In what was probably an attempt to help us overcome the jetlag with minimal problems, we had arrangements to have drinks and food at one of the local pubs in town that night. The board members of the cottages we’re staying in bought all of us a round of drinks and we drank those and ate sandwiches provided by a local shop. The outing turned out to be a great idea. If we hadn’t gone out, I can guarantee I would have been asleep by six that night. Instead, I managed to stay awake and social until about nine which I deemed a perfectly acceptable to head to bed.
If my first few experiences with the people and atmosphere of Ireland are any indication, I would say I am in for a fantastic semester here.
Allison serves as an editor for The North Star Reports.
Please contact Professor Liang if you wish to write for The North Star Reports — HLIANG (at) css.edu
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The North Star Reports: Global Citizenship and Digital Literacy (http://NorthStarReports.org) is a student edited and student authored open access publication centered around the themes of global and historical connections. Our abiding philosophy is that those of us who are fortunate enough to receive an education and to travel our planet are ethically bound to share our knowledge with those who cannot afford to do so. Therefore, creating virtual and actual communities of learning between college and K-12 classes are integral to our mission. In three years we have published over 250 articles covering all habitable continents and a variety of topics ranging from history and politics, food and popular culture, to global inequities to complex identities. These articles are read by K-12 and college students. Our student editors and writers come from all parts of the campus, from Nursing to Biology, Physical Therapy to Business, and remarkably, many of our student editors and writers have long graduated from college. We also have writers and editors from other colleges and universities. In addition to our main site, we also curate a Facebook page dedicated to annotated news articles selected by our student editors (http://www.facebook.com/NorthStarReports). This is done by an all volunteer staff. We have a frugal cash budget, and we donate much of our time and talent to this project. The North Star Reports is sponsored and published by Professor Hong-Ming Liang, NSR Student Editors and Writers, The Department of History and Politics of The College of St. Scholastica, and the scholarly Middle Ground Journal. For a brief summary, please see the American Historical Association’s Perspectives on History, at: http://www.historians.org/perspectives/issues/2013/1305/Opening-The-Middle-Ground-Journal.cfm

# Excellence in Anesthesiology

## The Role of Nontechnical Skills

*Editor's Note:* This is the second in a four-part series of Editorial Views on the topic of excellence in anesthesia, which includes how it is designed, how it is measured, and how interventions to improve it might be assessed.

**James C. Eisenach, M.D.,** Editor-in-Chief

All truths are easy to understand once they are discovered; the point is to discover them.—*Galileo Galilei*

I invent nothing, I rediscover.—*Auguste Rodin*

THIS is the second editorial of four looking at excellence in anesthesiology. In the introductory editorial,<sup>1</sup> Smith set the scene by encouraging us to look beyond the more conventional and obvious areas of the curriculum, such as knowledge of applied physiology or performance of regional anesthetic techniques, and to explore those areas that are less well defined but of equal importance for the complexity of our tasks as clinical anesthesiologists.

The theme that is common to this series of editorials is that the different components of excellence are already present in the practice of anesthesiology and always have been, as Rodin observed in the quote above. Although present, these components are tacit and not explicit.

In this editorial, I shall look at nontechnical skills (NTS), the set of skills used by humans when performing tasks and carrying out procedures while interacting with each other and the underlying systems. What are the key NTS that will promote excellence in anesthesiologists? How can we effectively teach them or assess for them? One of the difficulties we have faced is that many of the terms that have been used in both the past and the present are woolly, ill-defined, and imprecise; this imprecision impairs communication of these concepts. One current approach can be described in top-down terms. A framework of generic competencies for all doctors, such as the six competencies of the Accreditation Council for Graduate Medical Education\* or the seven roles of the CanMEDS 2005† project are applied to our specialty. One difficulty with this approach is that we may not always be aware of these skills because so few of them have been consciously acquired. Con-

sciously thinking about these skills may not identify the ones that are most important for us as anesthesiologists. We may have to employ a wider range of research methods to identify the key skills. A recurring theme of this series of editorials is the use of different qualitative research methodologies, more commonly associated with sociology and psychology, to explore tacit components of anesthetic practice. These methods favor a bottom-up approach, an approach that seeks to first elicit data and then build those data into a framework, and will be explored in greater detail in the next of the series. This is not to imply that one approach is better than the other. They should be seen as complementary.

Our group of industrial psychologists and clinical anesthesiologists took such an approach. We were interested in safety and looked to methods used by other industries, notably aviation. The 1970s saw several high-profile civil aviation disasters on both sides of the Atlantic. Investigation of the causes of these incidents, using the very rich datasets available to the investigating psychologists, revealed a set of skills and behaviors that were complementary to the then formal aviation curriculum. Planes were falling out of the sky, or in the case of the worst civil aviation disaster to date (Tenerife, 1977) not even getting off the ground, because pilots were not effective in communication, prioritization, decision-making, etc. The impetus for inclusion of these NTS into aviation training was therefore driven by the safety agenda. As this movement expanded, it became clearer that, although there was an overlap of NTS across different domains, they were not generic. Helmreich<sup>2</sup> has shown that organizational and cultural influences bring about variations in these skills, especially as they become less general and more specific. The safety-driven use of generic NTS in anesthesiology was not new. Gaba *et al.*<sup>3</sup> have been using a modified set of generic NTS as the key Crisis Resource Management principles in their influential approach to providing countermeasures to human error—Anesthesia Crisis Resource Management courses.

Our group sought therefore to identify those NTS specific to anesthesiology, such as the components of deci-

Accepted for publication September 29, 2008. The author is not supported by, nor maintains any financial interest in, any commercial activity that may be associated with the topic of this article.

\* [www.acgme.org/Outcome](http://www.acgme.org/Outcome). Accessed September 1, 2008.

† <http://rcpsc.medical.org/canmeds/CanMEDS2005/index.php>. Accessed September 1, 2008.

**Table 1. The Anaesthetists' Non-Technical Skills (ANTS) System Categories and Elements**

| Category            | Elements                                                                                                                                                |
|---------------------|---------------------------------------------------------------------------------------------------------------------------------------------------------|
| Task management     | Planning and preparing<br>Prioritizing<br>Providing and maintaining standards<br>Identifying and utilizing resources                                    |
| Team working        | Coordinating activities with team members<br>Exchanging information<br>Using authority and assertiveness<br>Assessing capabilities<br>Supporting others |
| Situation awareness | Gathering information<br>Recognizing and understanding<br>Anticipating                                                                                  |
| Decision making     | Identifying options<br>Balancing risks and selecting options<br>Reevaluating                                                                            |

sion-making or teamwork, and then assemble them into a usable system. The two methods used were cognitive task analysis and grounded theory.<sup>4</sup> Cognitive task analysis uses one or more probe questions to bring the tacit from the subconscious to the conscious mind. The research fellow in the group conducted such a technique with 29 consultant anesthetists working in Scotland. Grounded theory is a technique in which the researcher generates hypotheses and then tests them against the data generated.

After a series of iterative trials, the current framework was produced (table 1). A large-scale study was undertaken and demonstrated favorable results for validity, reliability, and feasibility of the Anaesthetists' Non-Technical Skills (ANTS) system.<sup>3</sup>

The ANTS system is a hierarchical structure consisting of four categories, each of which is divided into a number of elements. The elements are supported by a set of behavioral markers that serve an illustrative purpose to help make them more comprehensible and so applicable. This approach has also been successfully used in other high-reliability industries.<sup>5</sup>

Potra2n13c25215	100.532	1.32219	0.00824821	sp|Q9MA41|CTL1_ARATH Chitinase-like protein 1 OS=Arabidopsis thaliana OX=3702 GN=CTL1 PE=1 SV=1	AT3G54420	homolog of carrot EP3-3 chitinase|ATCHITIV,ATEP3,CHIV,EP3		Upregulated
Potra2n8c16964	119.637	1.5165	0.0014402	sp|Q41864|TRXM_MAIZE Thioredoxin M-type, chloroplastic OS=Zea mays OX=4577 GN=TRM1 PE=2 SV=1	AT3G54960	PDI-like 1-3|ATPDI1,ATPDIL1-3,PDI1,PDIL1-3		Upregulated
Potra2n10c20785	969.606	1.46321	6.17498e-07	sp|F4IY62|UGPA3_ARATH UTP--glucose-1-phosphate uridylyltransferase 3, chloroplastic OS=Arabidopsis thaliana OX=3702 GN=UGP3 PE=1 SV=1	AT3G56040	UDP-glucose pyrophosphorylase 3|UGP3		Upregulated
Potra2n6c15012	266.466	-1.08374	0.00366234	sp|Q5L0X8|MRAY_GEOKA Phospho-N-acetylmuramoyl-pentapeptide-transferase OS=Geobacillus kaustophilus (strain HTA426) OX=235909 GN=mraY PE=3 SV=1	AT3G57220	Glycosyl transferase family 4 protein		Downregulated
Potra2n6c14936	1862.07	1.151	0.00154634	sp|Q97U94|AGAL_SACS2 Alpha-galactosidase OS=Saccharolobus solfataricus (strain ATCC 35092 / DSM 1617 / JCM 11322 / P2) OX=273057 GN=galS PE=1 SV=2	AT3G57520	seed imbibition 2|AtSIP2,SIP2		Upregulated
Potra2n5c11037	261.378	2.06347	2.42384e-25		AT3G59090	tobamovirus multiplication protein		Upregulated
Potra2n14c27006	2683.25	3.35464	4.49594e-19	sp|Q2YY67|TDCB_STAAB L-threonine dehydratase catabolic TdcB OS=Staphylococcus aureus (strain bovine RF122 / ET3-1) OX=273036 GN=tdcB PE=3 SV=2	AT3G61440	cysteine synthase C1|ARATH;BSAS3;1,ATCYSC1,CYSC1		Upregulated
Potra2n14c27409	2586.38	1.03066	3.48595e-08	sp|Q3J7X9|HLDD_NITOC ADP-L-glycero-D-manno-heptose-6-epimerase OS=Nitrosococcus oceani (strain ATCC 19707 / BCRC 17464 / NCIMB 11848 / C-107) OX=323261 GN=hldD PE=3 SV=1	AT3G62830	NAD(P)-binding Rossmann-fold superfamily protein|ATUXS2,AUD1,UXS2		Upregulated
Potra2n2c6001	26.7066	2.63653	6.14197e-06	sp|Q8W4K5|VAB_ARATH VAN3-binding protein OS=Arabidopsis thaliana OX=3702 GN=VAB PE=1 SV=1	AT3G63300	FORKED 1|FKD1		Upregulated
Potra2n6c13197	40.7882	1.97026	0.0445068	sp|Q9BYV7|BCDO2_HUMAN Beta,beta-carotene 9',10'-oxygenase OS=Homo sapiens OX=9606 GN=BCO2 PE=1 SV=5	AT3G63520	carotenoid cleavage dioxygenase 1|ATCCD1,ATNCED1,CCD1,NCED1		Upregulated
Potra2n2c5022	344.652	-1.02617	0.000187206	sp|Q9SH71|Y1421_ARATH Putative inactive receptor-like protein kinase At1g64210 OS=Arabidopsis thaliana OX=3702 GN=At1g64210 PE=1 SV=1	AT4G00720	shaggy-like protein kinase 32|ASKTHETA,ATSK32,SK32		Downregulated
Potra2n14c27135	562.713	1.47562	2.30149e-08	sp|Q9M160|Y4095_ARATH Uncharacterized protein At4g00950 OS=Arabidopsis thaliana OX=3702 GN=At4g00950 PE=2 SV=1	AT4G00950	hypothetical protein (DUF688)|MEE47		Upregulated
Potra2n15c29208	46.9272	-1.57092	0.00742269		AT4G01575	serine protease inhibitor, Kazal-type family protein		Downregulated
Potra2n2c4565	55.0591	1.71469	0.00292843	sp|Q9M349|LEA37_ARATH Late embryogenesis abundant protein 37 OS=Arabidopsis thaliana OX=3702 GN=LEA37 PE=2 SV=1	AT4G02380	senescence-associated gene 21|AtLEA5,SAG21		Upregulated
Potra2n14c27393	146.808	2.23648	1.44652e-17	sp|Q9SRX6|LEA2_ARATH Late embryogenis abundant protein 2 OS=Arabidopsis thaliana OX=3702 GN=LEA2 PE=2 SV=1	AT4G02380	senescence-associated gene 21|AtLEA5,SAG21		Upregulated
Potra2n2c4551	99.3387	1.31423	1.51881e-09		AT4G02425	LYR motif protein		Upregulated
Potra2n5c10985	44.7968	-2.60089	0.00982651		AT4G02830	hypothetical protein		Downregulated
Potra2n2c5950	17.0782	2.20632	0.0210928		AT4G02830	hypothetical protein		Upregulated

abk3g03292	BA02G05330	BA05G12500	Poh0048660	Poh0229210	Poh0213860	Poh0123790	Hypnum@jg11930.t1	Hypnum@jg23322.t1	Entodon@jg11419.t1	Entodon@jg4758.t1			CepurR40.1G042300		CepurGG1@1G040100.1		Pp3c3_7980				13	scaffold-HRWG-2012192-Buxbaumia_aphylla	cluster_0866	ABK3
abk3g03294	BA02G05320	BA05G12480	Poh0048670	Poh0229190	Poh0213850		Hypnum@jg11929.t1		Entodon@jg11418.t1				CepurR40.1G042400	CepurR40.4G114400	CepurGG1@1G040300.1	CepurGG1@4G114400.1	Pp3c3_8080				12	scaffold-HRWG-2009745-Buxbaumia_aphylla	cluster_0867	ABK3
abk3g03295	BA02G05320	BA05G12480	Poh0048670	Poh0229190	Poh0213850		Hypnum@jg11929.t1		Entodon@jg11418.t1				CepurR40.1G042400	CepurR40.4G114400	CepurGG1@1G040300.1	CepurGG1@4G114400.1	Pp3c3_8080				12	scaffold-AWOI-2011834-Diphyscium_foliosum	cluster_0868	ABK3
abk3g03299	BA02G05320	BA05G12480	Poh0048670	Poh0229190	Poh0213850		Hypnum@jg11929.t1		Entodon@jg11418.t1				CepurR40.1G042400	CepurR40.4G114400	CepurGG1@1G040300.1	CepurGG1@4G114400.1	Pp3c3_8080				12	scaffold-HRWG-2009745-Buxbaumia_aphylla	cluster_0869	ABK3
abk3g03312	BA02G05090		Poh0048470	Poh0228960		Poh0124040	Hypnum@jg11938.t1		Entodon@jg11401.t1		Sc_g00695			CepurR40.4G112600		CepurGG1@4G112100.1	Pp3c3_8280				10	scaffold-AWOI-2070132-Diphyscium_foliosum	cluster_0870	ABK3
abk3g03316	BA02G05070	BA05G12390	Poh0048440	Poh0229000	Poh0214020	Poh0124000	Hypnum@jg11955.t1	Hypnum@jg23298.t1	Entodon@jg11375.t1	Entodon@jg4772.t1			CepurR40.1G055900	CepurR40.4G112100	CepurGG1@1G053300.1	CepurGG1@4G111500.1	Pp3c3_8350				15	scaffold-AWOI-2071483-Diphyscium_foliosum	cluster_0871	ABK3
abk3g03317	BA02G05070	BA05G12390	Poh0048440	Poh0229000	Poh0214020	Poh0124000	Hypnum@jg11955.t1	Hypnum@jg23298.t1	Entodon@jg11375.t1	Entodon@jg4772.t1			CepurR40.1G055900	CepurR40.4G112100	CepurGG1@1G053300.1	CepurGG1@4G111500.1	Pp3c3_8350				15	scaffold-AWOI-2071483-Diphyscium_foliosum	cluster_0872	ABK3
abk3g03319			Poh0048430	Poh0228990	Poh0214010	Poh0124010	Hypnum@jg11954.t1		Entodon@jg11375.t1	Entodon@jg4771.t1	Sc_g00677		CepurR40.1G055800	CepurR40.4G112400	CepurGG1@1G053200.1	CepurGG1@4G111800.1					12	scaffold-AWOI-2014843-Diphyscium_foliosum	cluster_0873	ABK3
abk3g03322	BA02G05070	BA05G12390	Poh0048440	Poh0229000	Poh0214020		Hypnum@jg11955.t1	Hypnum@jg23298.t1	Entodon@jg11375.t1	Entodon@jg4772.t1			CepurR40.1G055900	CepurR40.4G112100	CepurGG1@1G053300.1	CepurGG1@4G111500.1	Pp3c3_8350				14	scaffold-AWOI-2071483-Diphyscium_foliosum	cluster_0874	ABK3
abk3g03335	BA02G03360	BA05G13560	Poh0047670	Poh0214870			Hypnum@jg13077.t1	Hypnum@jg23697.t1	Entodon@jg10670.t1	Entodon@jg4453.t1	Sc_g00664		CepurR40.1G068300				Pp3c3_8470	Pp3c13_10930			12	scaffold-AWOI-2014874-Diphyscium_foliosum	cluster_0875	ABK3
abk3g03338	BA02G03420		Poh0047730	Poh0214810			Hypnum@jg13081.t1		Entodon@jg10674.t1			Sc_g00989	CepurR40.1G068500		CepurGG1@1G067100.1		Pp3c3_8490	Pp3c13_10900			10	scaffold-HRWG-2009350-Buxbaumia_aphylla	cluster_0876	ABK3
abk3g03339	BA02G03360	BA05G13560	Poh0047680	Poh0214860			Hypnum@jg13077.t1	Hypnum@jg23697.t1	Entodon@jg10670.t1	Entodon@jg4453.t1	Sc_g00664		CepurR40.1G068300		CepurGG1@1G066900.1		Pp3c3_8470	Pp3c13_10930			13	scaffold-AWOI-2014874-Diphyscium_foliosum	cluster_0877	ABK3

Hong-Ming Liang, Ph.D., Editor-in-Chief and Publisher, The North Star Reports; Chief Editor, The Middle Ground Journal; Associate Professor of History and Politics, The College of St. Scholastica. Kathryn Marquis Hirsch, Managing Editor, The North Star Reports.
(c) 2012-present The North Star Reports: Global Citizenship and Digital Literacy http://NorthStarReports.org ISSN: 2377-908X The NSR is sponsored and published by Professor Hong-Ming Liang, NSR Student Editors and Writers, with generous support from The Department of History and Politics of The College of St. Scholastica, and the scholarly Middle Ground Journal. See Masthead for our not-for-profit educational open- access policy. K-12 teachers, if you are using these reports for your classes, please contact editor-in-chief Professor Liang at HLIANG (at) css.edu